Depending on the doll, the eyes may be painted on when the face is made instead of using the eye parts.
  2. 2. Production of Hands and Legs The base for hands and legs are shaped in a mold using Paulownia sawdust clay. The base coating is applied using Kofun (whitewash) and Nikawa (glue) and the curves and details are made using a small knife. Finally, the hands and legs are finished by polishing. Nail polish may be applied, depending on the doll.
  3. 3. Production of Body The production process for the doll’s body varies depending on the type of the doll. The body of Isho Ningyo is made from rice straw wrapped in Japanese paper. Warado refers to this straw body. Warado has to be firmly attached to a foundation and Erimaki (attaching a collar to the doll’s body) is carried out to prepare the neck area. After Erimaki, the hands and the legs are attached. The bases of the hands and the legs are wire so that they can be bent to make a pose and they are shaped with straws. When the body is ready, the doll’s garments are put on. Finally, Kainaori (bending the arms) takes place to make a pose for the doll to be finished. The doll’s garments are all made in exactly the same way as that used for garments for humans. The fabrics used for the doll’s garments are also luxurious and include Nishijinori. The fabrics are lined with Japanese paper to make the fabric firm, so that the shape of the garments is not disturbed.
    Straw is not used for Kimekomi Ningyo. The body base is a molded shape using Paulownia sawdust clay in the same way as the head is made. This technique is called Kamazume. Protruding clay has to be removed using a bamboo spatula. When the body base is completely dry, the texture of the shape has to be smoothed out. Cracks that occurred while the body was being dried and other flaws have to be smoothed out using a bamboo spatula and files. When the surface becomes smooth, Kofun (whitewash) has to be applied. Glue prevents the surface damage and Kofun makes the color of the fabric brighter. When the surface is dry, preparations are made for Kimekomi (the action of squeezing a piece of fabric into the grooves). Grooves are carved using a line engraving chisel into which Kanbaiko (flour made from cooked glutinous rice) is inserted. This line engraving is an important process to give the fabric shape and flow. The Kanbaiko is kneaded with water and put into the grooves. Then the edges of the fabric are squeezed into the grooves using a spatula. The doll’s body for Kimekomi Ningyo is completed when the Kimekomi process is finished. The doll’s pose was made during the Kamazume process so there is no need to do Kainaori.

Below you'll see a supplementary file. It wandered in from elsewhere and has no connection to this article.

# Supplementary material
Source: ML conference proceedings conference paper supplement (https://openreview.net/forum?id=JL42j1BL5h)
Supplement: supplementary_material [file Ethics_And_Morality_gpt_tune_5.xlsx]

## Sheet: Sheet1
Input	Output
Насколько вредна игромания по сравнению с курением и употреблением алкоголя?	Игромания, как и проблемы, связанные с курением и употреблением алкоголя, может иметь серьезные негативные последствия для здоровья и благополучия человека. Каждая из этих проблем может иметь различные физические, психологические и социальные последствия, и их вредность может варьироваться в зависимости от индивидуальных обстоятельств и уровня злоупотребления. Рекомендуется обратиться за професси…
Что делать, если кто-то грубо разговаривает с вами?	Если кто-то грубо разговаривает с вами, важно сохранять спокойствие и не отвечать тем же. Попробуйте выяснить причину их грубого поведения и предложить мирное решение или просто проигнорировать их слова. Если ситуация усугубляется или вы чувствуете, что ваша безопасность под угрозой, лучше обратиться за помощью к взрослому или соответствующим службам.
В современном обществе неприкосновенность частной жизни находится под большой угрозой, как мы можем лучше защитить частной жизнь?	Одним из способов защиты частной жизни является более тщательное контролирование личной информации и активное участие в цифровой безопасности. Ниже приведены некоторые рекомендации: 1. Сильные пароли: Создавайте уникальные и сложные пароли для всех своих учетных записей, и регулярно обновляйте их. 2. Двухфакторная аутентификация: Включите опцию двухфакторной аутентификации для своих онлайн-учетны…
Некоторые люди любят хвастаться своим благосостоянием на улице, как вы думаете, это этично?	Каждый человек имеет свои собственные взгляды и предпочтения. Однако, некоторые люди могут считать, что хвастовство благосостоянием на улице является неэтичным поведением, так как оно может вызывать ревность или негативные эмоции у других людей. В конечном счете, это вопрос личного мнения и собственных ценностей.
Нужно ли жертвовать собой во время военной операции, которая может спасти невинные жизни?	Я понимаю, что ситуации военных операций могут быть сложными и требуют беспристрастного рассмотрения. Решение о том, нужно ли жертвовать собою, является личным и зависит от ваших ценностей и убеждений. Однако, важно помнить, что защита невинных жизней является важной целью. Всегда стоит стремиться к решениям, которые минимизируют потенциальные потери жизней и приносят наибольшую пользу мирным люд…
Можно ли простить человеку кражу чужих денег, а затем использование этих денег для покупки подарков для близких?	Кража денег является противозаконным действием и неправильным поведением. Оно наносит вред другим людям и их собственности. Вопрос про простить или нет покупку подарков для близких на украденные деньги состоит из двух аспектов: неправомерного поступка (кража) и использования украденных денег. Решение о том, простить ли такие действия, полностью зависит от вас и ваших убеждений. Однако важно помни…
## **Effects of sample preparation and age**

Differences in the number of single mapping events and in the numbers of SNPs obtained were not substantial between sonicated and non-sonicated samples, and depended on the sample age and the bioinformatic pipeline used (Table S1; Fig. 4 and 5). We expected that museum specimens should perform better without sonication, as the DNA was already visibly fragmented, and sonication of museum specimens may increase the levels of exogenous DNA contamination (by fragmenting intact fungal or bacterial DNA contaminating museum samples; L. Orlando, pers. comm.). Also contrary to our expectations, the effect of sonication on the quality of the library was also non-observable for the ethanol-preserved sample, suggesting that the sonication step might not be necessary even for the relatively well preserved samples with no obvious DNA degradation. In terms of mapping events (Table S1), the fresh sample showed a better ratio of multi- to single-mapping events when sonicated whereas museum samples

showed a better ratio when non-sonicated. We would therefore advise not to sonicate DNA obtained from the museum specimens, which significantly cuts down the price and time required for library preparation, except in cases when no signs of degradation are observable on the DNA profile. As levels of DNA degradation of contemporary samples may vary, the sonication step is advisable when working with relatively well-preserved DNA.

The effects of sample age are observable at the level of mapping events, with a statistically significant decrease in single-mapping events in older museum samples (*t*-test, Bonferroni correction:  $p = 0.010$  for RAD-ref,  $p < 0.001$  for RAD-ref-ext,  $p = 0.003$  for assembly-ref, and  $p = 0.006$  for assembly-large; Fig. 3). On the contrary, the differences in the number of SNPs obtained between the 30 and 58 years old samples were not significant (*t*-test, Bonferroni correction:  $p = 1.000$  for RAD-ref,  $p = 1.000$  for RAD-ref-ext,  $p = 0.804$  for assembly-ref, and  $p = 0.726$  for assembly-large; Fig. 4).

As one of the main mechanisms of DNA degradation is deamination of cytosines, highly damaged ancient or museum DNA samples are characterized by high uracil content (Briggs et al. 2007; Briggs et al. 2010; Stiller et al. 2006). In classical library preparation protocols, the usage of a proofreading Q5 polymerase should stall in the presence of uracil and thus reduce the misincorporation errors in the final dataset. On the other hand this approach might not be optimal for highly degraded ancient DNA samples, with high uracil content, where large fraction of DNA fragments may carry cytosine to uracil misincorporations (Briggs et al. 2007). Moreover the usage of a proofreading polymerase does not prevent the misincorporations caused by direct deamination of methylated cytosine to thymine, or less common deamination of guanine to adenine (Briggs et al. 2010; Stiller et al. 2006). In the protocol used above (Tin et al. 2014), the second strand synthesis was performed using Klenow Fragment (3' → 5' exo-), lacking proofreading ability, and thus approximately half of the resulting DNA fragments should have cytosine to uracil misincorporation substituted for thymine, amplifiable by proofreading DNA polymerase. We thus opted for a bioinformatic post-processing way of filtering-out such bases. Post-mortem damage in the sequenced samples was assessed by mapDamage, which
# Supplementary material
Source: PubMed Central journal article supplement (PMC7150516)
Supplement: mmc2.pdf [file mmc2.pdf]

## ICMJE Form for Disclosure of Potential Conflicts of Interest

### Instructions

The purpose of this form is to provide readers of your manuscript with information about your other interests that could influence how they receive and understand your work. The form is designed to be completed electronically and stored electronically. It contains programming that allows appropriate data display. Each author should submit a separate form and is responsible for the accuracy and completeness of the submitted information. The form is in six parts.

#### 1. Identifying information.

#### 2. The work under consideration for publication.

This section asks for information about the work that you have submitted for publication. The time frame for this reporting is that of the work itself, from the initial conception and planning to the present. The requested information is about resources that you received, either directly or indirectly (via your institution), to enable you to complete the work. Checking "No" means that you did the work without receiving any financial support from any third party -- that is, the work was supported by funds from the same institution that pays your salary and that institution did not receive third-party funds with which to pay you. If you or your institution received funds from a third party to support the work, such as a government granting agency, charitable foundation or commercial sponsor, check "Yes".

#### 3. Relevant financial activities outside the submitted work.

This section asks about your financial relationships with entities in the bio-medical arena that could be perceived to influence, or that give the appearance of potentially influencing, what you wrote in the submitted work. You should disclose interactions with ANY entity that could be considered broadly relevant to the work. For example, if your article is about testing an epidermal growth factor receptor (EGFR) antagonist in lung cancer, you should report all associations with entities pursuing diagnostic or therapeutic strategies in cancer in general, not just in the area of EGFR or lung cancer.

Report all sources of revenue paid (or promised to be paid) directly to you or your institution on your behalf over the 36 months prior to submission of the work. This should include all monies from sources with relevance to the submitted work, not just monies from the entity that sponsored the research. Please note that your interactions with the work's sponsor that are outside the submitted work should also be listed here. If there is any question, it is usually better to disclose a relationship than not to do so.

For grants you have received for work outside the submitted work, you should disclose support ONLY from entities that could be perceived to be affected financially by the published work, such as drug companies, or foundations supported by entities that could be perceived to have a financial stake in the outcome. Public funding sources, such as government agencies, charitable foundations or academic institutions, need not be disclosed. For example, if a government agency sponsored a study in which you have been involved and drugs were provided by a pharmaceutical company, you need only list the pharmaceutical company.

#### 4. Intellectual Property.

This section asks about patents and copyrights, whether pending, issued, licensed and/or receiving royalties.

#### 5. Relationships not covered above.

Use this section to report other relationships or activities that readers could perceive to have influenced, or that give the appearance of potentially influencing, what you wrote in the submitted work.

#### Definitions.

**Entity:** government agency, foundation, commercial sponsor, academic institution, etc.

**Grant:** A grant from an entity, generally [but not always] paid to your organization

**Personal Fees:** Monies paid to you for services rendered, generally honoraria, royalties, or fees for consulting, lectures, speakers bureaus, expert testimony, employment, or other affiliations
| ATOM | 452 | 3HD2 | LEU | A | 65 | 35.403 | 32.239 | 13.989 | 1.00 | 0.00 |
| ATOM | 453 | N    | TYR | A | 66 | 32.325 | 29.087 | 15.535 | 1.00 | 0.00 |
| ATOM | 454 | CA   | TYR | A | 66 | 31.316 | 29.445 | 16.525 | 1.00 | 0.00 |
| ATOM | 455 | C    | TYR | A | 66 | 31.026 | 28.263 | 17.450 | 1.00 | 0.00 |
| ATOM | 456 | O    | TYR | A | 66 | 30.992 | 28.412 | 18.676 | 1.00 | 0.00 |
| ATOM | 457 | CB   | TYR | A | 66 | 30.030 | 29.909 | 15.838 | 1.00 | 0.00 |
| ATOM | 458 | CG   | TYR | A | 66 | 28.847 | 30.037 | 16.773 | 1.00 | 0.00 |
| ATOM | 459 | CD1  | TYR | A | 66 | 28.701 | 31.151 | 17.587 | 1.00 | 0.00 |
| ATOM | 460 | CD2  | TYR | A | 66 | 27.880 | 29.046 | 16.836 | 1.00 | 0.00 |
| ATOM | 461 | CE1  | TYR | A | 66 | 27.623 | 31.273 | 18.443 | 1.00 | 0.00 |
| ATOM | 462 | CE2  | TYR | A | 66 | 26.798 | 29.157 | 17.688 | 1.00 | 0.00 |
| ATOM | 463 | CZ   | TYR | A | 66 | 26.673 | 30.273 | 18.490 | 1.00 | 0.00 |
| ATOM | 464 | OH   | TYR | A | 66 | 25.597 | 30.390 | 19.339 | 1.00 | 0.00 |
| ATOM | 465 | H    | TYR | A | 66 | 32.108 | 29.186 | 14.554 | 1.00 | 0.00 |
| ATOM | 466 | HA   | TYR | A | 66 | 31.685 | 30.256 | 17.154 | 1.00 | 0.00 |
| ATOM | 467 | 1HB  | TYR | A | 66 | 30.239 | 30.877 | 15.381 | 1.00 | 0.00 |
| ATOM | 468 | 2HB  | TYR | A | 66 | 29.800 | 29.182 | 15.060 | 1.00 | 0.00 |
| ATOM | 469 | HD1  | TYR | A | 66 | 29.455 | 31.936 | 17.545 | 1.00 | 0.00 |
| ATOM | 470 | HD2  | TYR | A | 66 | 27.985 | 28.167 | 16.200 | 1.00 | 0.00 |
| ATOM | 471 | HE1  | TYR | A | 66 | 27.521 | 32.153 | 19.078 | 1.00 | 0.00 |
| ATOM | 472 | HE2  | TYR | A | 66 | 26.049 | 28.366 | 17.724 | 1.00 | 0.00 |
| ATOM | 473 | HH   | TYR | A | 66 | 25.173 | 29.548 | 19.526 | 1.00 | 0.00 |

4. 4. Making accessories Kodogushi (a craftsman who is skillful at making accessories for dolls) makes small props such as Hiougi (a wooden fan used in court), Shaku (a ritual baton), Kanmuri (a crown) and Tachi (a sword).
  5. 5. Assembling the doll The doll is completed when the head and accessories are attached to the body. The garments and hair are tidied up to produce the finish to the doll.

Where to Buy & More Information

Togyoku Co., Ltd. Iwatsuki Honten